- “Truckin’ It: Food Tuck Bootcamp” will be held at 5:30 p.m. March 9, 16, 23 and 30.
- The course will be led by Dawn Facka.
- Sign up for the class by visiting wesst.org or by calling 505-566-3715.
FARMINGTON — While she encourages anyone with an interest to take part, Dawn Facka is hopeful the free four-week virtual class on operating a food truck that she is leading in March as part of the Farmington Women’s Business Center is something that finds an audience of women.
“I have not seen a lot of women doing that,” said Facka, the regional manager of the non-profit group WESST, referring to entrepreneurs who start their own restaurant business in the form of a mobile operation.
“We’ve had a lot of interest from women, but right now, my perception is it’s pretty much a male-dominated industry in town,” Facka said.
The reasons for that are simple, she said.
“I don’t think they realize the availability and options to do so — as well as the support to do so. They think the support system is lacking. But at WESST, we offer the services to help them become successful,” she said.
WESST is a statewide nonprofit organization that focuses on small business development. The Farmington Women’s Business Center is an offshoot of WESST and its training programs are aimed primarily at women.
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Any woman interested in operating her own business should give the food truck industry some thought, Facka said, explaining it’s a field that presents relatively few complications and many potential rewards.
“It’s a great way for women to supplement the family income and get a leg up,” she said. ” … The nice thing about the food truck industry is, it doesn’t take a lot of money to start up and run. And we offer a microlending program that can help them.”
Getting into the food truck business is something that can be done with a minimum of financial risk, she said.
“If you’re looking at a coffee truck or a hamburger stand, it can be done for under $10,000, while a restaurant would cost at least $100,000,” she said. “Plus, the business is mobile, so you can take it from place to place.”
Facka also believes the timing is especially good for food truck operators, noting that the Farmington market is underserved.
“I think so, but I think that is changing,” she said. “With the way the city and county are moving toward outdoor recreation, those opportunities are being created.”
And since food trucks don’t offer indoor dining, they aren’t prone to the same kind of disruptions to their business model that traditional dining establishments have been since the COVID-19 pandemic began, she said.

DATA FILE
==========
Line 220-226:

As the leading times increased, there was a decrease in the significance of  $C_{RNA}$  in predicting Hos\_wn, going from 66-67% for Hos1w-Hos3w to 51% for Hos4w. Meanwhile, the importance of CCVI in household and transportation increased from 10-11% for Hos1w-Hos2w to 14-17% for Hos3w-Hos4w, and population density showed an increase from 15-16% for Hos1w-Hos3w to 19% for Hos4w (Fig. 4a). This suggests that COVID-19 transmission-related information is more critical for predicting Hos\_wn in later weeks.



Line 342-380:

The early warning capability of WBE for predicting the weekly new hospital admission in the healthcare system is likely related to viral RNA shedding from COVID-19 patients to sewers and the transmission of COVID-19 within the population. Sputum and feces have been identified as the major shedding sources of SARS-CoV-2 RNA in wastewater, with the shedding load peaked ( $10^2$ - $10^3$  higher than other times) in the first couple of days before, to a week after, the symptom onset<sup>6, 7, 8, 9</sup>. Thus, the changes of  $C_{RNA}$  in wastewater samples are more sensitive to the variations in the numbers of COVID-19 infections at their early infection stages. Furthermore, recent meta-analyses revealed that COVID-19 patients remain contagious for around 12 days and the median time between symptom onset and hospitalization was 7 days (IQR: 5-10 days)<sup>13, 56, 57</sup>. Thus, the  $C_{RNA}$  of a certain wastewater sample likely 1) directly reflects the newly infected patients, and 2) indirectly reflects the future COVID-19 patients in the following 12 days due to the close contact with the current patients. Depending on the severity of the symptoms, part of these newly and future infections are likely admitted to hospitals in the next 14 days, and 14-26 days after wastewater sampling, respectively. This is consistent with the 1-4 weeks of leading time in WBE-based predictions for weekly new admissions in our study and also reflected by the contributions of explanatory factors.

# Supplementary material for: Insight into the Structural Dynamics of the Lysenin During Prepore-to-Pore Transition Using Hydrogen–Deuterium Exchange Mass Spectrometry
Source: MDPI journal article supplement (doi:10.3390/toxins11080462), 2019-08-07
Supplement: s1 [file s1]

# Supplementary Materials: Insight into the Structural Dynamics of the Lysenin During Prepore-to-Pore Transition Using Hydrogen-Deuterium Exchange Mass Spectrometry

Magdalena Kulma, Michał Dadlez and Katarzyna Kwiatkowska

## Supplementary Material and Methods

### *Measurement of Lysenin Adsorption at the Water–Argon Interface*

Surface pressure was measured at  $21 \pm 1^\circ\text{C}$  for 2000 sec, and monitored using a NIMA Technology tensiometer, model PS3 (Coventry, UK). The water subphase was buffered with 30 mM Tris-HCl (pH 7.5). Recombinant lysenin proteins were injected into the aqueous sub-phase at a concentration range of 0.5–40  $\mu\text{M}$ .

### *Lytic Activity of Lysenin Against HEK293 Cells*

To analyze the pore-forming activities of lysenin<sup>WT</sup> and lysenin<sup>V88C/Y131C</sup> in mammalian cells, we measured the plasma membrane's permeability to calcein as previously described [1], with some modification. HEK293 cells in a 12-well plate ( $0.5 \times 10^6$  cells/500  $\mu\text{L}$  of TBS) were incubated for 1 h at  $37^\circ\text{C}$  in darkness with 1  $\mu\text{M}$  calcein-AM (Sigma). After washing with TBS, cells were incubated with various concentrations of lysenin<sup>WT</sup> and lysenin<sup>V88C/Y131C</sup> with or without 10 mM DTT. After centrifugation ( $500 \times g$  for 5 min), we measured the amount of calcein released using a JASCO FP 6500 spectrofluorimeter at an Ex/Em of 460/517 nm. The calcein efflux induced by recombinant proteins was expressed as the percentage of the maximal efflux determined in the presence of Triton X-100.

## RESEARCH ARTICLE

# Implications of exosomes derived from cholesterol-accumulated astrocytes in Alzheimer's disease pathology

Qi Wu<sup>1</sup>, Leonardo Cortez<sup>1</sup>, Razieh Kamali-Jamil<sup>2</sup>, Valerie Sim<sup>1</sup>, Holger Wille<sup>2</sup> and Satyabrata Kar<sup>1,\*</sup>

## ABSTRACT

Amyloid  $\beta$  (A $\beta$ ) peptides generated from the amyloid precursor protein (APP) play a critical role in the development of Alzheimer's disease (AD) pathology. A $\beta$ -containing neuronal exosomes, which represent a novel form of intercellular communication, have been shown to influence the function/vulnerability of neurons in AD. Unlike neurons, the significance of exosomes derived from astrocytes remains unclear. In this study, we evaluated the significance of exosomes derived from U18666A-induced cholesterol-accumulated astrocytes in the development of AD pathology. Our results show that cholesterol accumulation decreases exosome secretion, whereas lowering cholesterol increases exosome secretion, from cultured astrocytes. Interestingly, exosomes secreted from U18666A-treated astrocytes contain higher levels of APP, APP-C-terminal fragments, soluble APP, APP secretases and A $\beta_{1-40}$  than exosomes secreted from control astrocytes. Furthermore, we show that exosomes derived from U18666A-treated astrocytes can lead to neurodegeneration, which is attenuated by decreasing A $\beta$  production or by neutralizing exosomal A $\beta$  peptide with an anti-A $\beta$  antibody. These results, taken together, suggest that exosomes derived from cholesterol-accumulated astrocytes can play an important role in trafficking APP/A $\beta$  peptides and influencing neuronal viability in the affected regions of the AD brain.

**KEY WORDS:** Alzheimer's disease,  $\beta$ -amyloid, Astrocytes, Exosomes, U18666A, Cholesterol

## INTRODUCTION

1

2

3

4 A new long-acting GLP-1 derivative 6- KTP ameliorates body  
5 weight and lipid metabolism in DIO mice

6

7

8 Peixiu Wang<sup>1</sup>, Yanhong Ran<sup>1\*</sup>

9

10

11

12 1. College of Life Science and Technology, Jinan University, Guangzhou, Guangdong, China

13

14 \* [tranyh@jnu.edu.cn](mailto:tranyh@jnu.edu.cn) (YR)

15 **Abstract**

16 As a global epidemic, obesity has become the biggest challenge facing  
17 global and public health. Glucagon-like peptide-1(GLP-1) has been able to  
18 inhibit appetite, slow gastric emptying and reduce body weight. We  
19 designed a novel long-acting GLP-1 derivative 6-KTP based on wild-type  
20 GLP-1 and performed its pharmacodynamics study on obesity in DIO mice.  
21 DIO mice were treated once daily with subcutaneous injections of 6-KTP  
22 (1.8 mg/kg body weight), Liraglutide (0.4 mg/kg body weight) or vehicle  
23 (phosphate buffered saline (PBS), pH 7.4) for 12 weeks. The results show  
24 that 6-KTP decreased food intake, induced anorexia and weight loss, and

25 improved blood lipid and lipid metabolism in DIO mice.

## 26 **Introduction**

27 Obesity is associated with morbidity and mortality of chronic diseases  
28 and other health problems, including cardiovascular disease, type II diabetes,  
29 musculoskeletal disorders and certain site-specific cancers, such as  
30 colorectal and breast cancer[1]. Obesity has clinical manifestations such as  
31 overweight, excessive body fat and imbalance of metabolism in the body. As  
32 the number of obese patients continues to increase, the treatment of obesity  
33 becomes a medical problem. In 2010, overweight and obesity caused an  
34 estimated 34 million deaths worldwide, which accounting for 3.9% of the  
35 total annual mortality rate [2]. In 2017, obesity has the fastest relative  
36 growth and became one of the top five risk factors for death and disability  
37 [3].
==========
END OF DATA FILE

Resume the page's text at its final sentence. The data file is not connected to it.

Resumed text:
This is the second year in a row the center has offered the class. During the initial run last year, which took place just before the pandemic began, five people took part. This year, Facka said eight people already had registered as of Feb. 22, and she is hopeful more will sign up, especially since this year’s program will be offered online and is targeting a statewide audience, not just a local one.
The course is open to anyone regardless of gender, and Facka said you don’t even need to be focused on opening a food truck to take part. In fact, she welcomes those who are just fans of food trucks and want to know more about them. There is no limit on the class size, and each class will be two hours in length.
The course will begin with a primer on the basics of operating a food truck — how to get licensed, how to develop a business plan and securing all the necessary equipment. From there, Facka will focus on how to market the business, how to financially manage the business, and how to grow and expand the operation.
When food truck operators fail, it’s usually because they didn’t pay attention to a few simple rules, she said — know and appreciate what your customers want to eat, and provide good customer service.
“Not everybody wants barbecue,” she said.
Facka likes the flexibility the business offers and said it can be a good fit for those with a creative mind.
“The nice thing about food trucks is, they’re so unlimited in what you can do with it,” she said, explaining that the menu can range from burgers or desserts to Native American cuisine or Chinese food. “You can create all types of food to serve.”
She noted her organization’s involvement with clients goes well beyond that four-week course, as it cultivates long-term relationships designed to give entrepreneurs the support they need over the long haul.
“We’re here to help them along their journey,” Facka said. “Their success is our success.”
“Truckin’ It: Food Tuck Bootcamp” will be held at 5:30 p.m. March 9, 16, 23 and 30. Participants will receive video conferencing instructions after registering for the class at wesst.org or by calling 505-566-3715.
Mike Easterling can be reached at 505-564-4610 or [email protected] Support local journalism with a digital subscription.